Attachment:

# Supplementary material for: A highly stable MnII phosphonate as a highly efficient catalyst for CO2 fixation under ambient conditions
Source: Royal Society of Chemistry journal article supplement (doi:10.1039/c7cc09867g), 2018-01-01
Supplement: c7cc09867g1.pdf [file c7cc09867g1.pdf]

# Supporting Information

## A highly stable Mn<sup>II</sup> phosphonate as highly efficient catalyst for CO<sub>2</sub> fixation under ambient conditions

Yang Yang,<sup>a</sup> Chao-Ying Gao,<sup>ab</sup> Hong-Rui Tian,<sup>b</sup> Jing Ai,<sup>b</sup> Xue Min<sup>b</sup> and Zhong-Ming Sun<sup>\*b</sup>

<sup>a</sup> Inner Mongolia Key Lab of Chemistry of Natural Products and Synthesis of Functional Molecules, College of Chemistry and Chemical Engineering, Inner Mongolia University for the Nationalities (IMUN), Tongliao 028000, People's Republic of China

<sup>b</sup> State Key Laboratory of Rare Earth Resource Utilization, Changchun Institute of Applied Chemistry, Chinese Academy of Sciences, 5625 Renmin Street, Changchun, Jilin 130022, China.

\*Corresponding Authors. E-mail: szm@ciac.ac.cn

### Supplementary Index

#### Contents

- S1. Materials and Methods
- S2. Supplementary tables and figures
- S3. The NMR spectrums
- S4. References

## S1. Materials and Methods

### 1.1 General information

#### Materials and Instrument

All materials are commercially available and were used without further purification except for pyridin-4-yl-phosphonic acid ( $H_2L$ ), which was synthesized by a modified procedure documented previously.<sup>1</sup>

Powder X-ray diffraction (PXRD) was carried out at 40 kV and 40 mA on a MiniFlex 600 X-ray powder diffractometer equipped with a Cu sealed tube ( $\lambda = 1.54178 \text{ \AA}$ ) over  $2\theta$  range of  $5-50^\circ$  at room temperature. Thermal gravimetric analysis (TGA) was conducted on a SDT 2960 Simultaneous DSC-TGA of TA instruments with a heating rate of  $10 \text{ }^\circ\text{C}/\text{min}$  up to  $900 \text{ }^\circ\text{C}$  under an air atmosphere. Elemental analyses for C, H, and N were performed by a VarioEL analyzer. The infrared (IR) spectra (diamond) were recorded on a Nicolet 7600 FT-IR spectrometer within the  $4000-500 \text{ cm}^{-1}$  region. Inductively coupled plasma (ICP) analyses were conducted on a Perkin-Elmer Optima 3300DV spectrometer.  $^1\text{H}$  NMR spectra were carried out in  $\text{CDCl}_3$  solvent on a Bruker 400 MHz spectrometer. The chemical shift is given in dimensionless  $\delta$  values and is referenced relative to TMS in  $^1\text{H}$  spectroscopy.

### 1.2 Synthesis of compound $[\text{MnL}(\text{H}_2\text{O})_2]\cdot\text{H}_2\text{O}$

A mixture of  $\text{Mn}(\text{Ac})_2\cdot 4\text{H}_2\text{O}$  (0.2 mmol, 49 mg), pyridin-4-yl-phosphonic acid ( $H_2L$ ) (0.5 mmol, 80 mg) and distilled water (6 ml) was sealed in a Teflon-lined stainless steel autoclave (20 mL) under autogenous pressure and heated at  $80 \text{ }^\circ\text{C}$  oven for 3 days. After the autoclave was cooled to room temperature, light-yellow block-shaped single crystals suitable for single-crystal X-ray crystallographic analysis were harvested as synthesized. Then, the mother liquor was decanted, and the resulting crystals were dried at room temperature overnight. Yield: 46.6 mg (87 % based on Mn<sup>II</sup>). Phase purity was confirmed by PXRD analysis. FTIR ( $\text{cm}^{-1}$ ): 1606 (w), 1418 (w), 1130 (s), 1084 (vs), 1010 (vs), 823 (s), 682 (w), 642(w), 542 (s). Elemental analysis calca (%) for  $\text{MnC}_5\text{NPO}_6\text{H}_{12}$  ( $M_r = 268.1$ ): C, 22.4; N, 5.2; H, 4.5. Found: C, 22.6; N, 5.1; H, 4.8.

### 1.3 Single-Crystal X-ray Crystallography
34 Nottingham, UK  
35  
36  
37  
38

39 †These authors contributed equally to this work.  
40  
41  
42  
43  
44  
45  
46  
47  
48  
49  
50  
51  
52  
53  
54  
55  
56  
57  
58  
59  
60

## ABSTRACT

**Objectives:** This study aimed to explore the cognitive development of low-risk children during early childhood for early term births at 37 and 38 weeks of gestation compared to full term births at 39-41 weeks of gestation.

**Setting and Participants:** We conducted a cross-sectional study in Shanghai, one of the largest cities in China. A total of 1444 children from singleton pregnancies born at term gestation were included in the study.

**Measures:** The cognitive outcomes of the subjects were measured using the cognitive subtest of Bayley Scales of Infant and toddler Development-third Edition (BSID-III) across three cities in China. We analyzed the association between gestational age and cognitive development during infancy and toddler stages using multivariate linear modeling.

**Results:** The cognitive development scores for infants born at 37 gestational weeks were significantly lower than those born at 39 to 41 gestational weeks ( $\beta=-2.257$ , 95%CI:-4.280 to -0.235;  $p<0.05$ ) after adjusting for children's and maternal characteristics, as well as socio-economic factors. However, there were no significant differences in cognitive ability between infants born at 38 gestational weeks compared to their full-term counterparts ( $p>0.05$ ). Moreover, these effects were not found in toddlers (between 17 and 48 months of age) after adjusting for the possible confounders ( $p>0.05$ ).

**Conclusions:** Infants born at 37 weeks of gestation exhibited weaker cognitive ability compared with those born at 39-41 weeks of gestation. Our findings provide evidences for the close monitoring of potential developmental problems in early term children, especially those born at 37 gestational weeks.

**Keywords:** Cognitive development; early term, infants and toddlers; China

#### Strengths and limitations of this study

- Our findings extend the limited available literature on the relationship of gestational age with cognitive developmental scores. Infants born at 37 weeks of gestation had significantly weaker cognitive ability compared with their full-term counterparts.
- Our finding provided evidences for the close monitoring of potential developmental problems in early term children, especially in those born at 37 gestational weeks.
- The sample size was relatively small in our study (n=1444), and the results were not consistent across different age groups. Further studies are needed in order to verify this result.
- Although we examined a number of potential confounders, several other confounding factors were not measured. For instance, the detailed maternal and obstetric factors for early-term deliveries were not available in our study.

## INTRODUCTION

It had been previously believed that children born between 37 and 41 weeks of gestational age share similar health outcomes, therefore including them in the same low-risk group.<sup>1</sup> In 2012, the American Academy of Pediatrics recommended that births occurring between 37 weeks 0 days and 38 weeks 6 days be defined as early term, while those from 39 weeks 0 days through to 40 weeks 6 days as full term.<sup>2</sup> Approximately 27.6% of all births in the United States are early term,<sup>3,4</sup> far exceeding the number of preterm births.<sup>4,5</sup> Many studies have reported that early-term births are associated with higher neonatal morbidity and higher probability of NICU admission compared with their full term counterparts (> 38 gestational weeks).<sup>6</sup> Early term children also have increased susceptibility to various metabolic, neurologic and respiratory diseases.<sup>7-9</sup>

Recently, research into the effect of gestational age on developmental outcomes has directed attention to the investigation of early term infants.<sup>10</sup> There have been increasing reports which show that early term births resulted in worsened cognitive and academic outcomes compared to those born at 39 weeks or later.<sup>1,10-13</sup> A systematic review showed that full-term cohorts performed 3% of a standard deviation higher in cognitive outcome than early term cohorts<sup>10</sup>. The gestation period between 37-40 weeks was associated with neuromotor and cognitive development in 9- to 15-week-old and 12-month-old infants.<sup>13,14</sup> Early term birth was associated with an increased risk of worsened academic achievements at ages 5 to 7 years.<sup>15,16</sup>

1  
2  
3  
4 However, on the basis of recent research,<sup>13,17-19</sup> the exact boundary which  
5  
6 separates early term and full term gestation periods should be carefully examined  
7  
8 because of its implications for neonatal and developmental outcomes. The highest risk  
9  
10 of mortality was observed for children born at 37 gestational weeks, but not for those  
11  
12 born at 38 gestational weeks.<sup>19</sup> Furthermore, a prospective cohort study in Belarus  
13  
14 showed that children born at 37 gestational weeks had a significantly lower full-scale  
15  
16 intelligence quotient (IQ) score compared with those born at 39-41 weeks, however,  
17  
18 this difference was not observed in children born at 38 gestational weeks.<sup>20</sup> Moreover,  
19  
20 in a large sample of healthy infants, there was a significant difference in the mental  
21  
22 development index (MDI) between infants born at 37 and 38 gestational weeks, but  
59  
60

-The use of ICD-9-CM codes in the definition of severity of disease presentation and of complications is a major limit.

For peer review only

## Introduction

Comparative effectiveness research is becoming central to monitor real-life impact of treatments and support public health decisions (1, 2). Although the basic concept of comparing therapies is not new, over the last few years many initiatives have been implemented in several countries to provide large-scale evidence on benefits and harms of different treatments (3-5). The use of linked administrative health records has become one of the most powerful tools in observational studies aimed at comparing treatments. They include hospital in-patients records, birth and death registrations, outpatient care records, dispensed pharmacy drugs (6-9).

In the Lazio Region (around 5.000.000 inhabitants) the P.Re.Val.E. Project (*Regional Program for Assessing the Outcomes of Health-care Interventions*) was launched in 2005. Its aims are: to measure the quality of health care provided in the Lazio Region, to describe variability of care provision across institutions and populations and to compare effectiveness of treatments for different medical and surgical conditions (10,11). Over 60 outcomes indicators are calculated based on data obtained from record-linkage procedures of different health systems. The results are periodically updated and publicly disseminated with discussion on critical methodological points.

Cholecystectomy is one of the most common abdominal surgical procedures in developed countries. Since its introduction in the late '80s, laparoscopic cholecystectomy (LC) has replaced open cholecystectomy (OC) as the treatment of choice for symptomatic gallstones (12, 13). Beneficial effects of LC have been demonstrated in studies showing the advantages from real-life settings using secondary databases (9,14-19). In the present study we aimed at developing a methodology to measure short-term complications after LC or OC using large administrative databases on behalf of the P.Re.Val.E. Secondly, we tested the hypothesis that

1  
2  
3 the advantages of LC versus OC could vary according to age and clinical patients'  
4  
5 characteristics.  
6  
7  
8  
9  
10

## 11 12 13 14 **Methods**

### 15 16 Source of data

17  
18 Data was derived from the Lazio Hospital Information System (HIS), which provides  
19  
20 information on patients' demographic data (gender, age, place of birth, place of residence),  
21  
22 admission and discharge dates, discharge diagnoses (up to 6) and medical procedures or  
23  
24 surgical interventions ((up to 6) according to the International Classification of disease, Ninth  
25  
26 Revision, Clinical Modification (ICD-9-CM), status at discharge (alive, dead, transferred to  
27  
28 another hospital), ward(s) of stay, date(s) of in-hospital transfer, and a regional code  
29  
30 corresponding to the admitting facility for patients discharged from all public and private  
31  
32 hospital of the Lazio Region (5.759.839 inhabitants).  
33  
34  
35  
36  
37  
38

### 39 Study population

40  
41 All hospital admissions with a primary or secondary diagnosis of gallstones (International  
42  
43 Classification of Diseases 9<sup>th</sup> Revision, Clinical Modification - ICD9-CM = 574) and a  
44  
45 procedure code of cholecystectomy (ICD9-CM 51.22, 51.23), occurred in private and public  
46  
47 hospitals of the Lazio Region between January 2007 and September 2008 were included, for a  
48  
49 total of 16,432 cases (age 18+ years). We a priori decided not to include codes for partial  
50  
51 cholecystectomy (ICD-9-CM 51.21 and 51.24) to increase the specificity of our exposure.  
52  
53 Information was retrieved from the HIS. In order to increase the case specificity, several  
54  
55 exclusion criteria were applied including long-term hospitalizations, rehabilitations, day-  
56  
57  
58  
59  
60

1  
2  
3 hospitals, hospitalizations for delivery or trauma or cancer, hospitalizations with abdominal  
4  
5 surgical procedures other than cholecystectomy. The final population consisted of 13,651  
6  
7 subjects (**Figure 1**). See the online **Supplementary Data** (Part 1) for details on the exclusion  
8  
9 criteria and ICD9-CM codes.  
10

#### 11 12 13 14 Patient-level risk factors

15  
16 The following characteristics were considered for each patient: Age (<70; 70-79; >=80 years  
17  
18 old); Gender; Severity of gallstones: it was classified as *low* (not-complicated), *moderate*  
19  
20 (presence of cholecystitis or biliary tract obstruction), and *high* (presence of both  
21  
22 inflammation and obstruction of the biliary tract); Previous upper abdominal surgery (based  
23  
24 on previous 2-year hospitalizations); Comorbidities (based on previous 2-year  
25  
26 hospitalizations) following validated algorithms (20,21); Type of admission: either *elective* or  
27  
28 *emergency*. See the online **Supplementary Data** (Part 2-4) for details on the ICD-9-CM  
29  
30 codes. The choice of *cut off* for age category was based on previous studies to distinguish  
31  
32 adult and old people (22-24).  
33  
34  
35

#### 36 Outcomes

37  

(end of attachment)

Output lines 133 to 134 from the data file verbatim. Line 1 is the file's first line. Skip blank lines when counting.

42  
43 Classification of Diseases 9<sup>th</sup> Revision, Clinical Modification - ICD9-CM = 574) and a  